A promising research avenue takes advantage of cerium’s low demand to explore the element’s suitability as an alloying agent. Currently, no low-cost aluminum alloys have been developed that can operate at elevated temperatures while maintaining the mechanical properties needed for high-performance automotive and aerospace applications. “By combining 10 percent cerium with aluminum and perhaps other elements, we could make stiff, lightweight materials for creating engines that operate at higher temperatures,” says Livermore physicist Scott McCall. A high-performance aluminum alloy would enable design of higher efficiency internal combustion engines and lighter drivetrains, thereby improving fuel economy.
McCall is working with colleagues at Oak Ridge National Laboratory and CMI’s strategic partner Eck Industries, Inc. of Manitowoc, Wisconsin. They are developing alloys containing cerium, along with appropriate techniques to efficiently manufacture them. Livermore researchers are testing the most promising alloys. “If the tests prove successful, the alloys could trigger a huge demand for cerium,” says McCall. Early tests of aluminum alloys with cerium concentrations of 6 to 16 percent have proven that the material is castable and remains strong at room temperature.
Livermore researchers are also searching for rare-earth substitutes in magnets used in automobiles, especially hybrid-electric cars. Developed in the 1970s and 1980s, rare earth–based magnets are the strongest type of permanent magnets available. They are found in the more than 40 electric motors and actuators that control various vehicle devices from windshield wipers to speakers. In hybrid-electric cars, rare-earth magnets are part of the vehicles’ regenerative braking system. These magnets are also found in lightweight motors for compact computer hard drives and even powerful hand tools. Large, megawatt-scale wind turbines contain approximately 1,000 kilograms of magnets, of which 25 percent by weight are made from rare earths.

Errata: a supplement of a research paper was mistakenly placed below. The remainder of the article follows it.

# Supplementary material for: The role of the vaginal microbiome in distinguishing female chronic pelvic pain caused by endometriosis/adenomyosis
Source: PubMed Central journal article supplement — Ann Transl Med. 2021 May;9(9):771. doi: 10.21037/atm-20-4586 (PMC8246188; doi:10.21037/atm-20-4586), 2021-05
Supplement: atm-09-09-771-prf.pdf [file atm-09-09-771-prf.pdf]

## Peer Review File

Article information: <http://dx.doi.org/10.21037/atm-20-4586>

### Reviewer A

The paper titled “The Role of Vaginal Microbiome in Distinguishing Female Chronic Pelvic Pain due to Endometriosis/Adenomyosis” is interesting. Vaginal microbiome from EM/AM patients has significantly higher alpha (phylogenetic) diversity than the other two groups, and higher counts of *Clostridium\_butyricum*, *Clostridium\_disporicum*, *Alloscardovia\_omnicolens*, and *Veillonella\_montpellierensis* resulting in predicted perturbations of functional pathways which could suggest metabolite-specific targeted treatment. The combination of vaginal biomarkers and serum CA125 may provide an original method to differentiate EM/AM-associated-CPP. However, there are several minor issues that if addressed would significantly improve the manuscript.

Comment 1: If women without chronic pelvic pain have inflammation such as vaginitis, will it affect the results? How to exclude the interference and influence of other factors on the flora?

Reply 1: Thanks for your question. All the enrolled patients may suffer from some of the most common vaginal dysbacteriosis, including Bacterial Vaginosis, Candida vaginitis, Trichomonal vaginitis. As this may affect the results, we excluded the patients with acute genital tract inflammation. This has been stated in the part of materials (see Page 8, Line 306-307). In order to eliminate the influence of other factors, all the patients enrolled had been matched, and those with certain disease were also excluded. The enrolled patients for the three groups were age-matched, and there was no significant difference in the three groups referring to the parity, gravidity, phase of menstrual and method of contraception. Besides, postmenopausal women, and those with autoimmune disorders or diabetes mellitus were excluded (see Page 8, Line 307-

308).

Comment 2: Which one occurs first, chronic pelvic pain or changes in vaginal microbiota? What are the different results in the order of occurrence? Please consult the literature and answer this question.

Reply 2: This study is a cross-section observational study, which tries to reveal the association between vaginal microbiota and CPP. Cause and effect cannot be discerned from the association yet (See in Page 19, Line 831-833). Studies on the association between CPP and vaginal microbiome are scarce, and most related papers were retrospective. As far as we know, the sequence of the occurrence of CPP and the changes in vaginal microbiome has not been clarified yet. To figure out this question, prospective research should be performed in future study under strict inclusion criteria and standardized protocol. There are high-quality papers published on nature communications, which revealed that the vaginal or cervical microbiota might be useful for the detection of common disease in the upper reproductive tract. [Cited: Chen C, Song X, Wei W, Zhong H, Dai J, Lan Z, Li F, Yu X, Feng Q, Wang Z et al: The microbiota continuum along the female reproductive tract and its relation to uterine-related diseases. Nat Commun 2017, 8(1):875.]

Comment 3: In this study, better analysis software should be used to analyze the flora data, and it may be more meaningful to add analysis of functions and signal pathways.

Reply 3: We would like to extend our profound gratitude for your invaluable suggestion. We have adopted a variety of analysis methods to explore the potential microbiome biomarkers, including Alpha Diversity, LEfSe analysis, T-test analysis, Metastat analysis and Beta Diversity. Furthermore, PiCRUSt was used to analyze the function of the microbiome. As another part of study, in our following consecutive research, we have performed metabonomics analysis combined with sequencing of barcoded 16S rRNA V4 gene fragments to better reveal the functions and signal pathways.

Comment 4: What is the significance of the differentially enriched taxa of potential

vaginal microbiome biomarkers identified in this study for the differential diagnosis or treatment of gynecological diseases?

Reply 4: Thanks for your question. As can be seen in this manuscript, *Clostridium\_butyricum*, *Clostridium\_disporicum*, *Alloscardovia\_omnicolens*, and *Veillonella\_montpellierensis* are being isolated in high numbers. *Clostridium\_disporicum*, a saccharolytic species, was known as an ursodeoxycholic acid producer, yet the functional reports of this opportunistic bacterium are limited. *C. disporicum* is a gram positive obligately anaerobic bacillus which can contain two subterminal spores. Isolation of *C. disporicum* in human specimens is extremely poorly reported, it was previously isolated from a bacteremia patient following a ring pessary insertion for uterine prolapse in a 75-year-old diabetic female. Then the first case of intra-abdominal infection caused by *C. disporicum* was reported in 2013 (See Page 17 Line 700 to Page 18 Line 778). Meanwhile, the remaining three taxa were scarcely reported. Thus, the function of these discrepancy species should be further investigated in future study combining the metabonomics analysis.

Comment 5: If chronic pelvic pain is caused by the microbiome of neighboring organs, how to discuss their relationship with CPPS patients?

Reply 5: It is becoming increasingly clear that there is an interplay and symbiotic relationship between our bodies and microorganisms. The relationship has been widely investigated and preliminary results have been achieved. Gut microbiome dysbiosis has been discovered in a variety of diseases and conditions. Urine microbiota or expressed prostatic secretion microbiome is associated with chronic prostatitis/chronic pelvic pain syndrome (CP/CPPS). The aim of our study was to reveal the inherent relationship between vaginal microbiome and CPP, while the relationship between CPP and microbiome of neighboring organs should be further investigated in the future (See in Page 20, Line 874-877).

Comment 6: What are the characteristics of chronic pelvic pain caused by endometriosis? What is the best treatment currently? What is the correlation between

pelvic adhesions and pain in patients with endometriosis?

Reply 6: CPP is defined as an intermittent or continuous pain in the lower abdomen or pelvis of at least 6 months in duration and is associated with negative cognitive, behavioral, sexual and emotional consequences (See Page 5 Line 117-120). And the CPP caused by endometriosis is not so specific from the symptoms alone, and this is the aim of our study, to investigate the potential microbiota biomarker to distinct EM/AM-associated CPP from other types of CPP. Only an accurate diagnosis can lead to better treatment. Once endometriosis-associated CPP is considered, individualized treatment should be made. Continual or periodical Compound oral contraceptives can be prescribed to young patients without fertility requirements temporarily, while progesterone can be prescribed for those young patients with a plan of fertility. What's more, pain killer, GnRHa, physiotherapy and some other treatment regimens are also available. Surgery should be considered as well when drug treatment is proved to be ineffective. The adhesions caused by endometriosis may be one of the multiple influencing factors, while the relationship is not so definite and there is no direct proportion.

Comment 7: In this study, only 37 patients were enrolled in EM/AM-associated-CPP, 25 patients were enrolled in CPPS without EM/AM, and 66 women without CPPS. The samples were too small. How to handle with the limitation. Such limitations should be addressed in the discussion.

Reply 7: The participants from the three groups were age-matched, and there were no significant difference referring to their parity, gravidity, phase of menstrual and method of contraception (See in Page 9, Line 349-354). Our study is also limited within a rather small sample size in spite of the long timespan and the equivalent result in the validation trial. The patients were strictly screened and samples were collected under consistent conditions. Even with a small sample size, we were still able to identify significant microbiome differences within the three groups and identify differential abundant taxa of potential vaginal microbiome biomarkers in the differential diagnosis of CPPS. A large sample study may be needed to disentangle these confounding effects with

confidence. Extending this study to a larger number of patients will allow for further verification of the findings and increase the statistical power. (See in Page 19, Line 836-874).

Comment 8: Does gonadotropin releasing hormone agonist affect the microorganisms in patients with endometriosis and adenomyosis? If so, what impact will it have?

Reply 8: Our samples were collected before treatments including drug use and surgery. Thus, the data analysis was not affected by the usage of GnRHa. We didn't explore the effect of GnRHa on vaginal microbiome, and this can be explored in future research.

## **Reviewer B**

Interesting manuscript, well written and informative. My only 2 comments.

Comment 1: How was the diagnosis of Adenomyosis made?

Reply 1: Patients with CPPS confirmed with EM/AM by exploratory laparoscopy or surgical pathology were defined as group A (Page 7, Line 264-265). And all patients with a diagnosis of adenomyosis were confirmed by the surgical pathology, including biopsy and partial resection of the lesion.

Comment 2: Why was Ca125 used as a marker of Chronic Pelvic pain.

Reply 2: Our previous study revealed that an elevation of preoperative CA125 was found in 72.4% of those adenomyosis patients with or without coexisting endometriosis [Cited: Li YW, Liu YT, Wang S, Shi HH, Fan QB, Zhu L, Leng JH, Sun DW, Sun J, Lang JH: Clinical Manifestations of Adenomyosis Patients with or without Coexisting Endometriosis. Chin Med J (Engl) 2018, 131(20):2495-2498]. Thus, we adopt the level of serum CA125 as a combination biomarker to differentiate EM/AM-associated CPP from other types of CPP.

Many of these magnets contain neodymium and the expensive rare earth dysprosium. “We want to make these motors cheaper and smaller while using fewer rare-earth elements,” says McCall. He is working on a new class of magnet that offers high magnetic coercivity (ability to withstand an opposing external magnetic field without demagnetizing) and high magnetic remanence (the magnetization remaining when the magnetizing field is removed). Other team members include Jonathan Lee, Sarah Baker, Christine Orme, Joshua Kuntz, and Tony Van Buuren.
Rare-earth magnets, such as those made from neodymium–iron–boron or samarium–cobalt alloys, are hard magnetic materials that have high coercivity but only modest remanence. In theory, if these hard materials could be interspersed with a soft magnetic material that has high magnetic remanence, the resulting magnet could be twice as strong, contain half the required rare-earth content, and operate more effectively at higher temperatures. Called exchange spring magnets, these objects could drive design of smaller, lighter, and more efficient motors for cars and wind turbines.
“The exchange spring magnet idea has been around since the early 1990s,” says McCall. However, their manufacture has posed significant challenges because the hard material must be distributed at the nanoscale within the soft material matrix. Additive-manufacturing techniques have made fabricating the magnets more feasible. In collaboration with Brown University and General Electric (GE), Livermore scientists are showing how hard and soft magnetic materials can be put down in a checkerboard array using electrophoretic deposition and nanomanufacturing technology. McCall says, “It’s a very promising technique.”
Exchange spring magnets could be commercially available within three to four years after laboratory demonstration. The development team is aiming to produce a prototype for testing by late 2016. Economists see a potential $10 billion market for these magnets. According to McCall, the market for high-strength permanent magnets is so large that even small improvements in magnet strength or reductions in the quantity of rare-earth elements required could save hundreds of millions of dollars annually.
Rare Earths Have Special Properties